Temporal range:
Monotreme collage.jpg
Four of the five extant monotreme species: platypus (top-left), short-beaked echidna (top-right), western long-beaked echidna (bottom-left), and replica eastern long-beaked echidna (bottom-right)
Scientific classification e
Kingdom: Animalia
Phylum: Chordata
Class: Mammalia
Order: Monotremata
C.L. Bonaparte, 1837[2]

Monotremes (/ˈmɒnətrmz/) are prototherian mammals of the order Monotremata. They are one of the three groups of living mammals, along with placentals (Eutheria), and marsupials (Metatheria). Monotremes are typified by structural differences in their brains, jaws, digestive tract, reproductive tract, and other body parts, compared to the more common mammalian types. In addition, they lay eggs rather than bearing live young, but, like all mammals, the female monotremes nurse their young with milk.

Monotremes have been considered members of Australosphenida, a clade that contains extinct mammals from the Jurassic and Cretaceous of Madagascar, South America, and Australia, though this is disputed.

The only surviving examples of monotremes are all indigenous to Australia and New Guinea, although there is evidence that they were once more widespread, as Monotrematum is known from the Paleocene of South America.[6] The extant monotreme species are the platypus and four species of echidnas. There is currently some debate regarding monotreme taxonomy.

The name monotreme derives from the Greek words μονός (monós 'single') and τρῆμα (trêma 'hole'), referring to the cloaca.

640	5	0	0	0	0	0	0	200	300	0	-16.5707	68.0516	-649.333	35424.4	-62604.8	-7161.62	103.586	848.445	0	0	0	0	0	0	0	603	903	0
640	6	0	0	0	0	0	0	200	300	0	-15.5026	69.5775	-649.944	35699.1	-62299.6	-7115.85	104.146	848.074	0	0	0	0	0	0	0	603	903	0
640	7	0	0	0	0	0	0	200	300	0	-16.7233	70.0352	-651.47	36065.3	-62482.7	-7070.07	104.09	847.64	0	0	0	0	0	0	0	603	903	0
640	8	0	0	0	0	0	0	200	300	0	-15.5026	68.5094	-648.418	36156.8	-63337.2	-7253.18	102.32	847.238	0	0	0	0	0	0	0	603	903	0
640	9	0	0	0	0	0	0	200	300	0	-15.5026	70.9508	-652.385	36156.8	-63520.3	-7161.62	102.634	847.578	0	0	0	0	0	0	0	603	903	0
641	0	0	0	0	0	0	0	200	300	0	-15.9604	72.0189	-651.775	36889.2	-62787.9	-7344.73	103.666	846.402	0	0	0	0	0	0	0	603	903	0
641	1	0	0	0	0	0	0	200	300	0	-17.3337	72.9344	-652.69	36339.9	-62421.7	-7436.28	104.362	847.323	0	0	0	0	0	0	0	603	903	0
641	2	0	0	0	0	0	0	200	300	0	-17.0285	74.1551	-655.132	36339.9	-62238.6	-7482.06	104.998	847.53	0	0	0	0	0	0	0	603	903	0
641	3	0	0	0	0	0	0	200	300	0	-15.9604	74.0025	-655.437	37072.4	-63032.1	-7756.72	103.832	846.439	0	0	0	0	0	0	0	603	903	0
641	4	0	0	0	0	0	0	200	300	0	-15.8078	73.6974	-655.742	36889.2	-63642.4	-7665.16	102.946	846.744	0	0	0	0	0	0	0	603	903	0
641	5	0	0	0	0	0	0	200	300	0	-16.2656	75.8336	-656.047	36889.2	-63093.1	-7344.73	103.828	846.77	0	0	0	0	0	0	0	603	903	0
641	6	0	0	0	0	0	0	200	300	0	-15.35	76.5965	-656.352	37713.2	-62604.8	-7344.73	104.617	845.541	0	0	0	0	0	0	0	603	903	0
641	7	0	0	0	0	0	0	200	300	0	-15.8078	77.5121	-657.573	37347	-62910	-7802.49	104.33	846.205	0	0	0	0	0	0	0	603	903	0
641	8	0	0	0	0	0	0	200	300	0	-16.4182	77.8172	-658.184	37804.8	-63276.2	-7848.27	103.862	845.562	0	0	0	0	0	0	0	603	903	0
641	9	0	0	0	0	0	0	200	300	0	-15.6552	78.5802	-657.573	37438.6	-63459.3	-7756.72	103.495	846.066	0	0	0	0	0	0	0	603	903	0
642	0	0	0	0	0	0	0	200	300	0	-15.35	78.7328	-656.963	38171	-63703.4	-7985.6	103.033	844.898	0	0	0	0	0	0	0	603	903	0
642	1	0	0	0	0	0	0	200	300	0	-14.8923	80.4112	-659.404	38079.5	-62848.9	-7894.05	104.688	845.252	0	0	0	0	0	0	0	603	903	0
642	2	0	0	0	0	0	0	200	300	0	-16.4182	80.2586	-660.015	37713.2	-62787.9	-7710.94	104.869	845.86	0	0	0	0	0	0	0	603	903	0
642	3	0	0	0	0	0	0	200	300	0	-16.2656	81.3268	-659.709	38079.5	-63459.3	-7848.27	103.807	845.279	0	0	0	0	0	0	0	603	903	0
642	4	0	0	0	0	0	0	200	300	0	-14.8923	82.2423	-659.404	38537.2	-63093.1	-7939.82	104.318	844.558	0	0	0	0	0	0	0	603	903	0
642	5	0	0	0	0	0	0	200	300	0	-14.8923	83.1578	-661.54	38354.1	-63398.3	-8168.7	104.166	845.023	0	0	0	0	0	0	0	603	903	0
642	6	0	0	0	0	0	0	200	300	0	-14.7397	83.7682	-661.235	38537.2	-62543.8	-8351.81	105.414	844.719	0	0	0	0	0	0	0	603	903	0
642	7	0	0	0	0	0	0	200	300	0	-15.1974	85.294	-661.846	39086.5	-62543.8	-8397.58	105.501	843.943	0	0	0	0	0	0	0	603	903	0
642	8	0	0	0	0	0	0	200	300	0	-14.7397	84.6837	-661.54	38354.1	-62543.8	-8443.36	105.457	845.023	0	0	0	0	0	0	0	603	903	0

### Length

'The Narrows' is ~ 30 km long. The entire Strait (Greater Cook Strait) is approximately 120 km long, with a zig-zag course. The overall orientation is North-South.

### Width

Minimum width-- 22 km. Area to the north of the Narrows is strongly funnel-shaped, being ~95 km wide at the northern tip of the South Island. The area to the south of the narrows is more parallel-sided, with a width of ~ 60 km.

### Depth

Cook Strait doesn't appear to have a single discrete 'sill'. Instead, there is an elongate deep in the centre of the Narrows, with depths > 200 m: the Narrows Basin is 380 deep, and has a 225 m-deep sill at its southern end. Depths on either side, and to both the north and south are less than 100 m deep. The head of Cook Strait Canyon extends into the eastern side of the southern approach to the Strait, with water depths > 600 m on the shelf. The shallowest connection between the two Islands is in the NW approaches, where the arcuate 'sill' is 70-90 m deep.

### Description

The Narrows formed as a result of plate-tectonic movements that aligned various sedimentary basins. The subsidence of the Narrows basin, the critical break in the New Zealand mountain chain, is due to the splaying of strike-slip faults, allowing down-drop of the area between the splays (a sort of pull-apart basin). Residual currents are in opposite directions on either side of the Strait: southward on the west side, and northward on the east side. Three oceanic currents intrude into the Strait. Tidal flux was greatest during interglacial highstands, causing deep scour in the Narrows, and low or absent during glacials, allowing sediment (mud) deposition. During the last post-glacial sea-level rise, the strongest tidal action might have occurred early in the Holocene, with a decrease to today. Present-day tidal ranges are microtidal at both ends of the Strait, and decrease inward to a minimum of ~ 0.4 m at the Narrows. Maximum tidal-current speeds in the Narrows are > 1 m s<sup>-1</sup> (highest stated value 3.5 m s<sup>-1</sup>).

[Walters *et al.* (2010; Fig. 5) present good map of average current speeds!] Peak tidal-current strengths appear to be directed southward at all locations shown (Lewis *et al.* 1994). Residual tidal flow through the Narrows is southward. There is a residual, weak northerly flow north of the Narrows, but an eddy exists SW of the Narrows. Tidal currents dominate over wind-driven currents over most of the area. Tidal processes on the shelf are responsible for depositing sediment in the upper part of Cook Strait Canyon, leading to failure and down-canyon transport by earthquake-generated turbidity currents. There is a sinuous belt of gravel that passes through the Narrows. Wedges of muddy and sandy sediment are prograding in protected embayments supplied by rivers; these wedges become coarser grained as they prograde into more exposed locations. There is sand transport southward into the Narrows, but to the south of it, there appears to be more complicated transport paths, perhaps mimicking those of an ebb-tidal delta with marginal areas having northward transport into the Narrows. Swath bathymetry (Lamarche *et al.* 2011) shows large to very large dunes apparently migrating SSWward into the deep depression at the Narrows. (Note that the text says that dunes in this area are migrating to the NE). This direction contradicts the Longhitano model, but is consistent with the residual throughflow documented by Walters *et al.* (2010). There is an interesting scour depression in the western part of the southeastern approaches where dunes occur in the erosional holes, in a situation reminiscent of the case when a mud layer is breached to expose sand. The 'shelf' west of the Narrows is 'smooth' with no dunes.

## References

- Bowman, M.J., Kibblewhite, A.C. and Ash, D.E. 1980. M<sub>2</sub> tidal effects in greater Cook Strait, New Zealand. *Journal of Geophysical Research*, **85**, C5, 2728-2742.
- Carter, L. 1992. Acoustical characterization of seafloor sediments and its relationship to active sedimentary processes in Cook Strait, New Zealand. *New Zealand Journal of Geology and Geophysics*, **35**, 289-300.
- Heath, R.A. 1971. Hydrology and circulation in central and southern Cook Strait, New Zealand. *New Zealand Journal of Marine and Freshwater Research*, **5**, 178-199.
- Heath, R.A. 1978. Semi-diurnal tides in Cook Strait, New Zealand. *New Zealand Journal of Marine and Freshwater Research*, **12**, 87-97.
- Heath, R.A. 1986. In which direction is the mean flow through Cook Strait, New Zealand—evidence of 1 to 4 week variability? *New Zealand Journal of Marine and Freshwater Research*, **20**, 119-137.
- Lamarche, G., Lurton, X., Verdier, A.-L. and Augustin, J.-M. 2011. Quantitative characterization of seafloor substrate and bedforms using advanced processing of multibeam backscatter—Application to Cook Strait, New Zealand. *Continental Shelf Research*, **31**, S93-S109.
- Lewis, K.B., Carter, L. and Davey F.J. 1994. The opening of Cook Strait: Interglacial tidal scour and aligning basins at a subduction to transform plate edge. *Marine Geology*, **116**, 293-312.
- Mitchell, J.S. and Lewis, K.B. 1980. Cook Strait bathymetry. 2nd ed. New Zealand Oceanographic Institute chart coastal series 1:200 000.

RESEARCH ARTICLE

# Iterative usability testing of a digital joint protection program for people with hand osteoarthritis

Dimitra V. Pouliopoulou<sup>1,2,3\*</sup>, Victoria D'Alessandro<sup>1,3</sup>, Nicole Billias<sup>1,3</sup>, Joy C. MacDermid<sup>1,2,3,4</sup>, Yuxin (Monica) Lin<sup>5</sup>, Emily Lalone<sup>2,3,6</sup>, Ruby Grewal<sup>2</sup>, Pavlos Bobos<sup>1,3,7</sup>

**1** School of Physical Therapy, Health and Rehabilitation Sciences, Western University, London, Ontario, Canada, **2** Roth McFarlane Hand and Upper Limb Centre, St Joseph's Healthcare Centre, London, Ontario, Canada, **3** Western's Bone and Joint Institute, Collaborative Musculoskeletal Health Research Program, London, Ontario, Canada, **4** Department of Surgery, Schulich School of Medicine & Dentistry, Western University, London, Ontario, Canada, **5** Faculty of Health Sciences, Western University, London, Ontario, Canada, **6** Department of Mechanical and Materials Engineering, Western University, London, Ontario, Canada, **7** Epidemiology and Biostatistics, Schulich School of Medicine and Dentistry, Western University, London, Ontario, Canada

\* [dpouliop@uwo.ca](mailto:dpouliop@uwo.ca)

1. ^ Groves, C. P. (2005). Wilson, D. E.; Reeder, D. M. (eds.). Mammal Species of the World: A Taxonomic and Geographic Reference (3rd ed.). Baltimore: Johns Hopkins University Press. pp. 1–2. ISBN 0-801-88221-4. OCLC 62265494.
  2. ^ Bonaparte, C.L. (1837). "A New Systematic Arrangement of Vertebrated Animals". Transactions of the Linnean Society of London. 18 (3): 258. doi:10.1111/j.1095-8339.1838.tb00177.x.
  3. ^ Thomas H. Rich; Timothy F. Flannery; Patricia Vickers-Rich (2020). "Evidence for a remarkably large toothed-monotreme from the Early Cretaceous of Lightning Ridge, NSW, Australia". In Guntupalli V.R. Prasad; Rajeev Patnaik (eds.). Biological consequences of plate tectonics. New perspectives on post-Gondwana break-up–A tribute to Ashok Sahni. Vertebrate Paleobiology and Paleoanthropology. Springer. pp. 77–81. doi:10.1007/978-3-030-49753-8_4. ISBN 978-3-030-49752-1. S2CID 229647914.
  4. ^ Thomas H. Rich; Timothy F. Flannery; Alistair R. Evans; Matt White; Timothy Ziegler; Alanna Maguire; Stephen Poropat; Peter Trusler; Patricia Vickers-Rich (2020). "Multiple hypotheses about two mammalian upper dentitions from the Early Cretaceous of Australia". Alcheringa: An Australasian Journal of Palaeontology. 44 (4): 528–536. doi:10.1080/03115518.2020.1829042. S2CID 230531306.
  5. ^ Flannery, T. F.; Rich, T. H.; Vickers-Rich, P.; Ziegler, T.; Veatch, E. G.; Helgen, K. M. (2022). "A review of monotreme (Monotremata) evolution". Alcheringa: An Australasian Journal of Palaeontology. 46: 3–20. doi:10.1080/03115518.2022.2025900. S2CID 247542433.
  6. ^ Pascual, Rosendo; Archer, Michael; Jaureguizar, Edgardo Ortiz; Prado, José L.; Godthelp, Henk; Hand, Suzanne J. (23 April 1992). "First discovery of monotremes in South America". Nature. 356 (6371): 704–706. Bibcode:1992Natur.356..704P. doi:10.1038/356704a0. S2CID 4350045.

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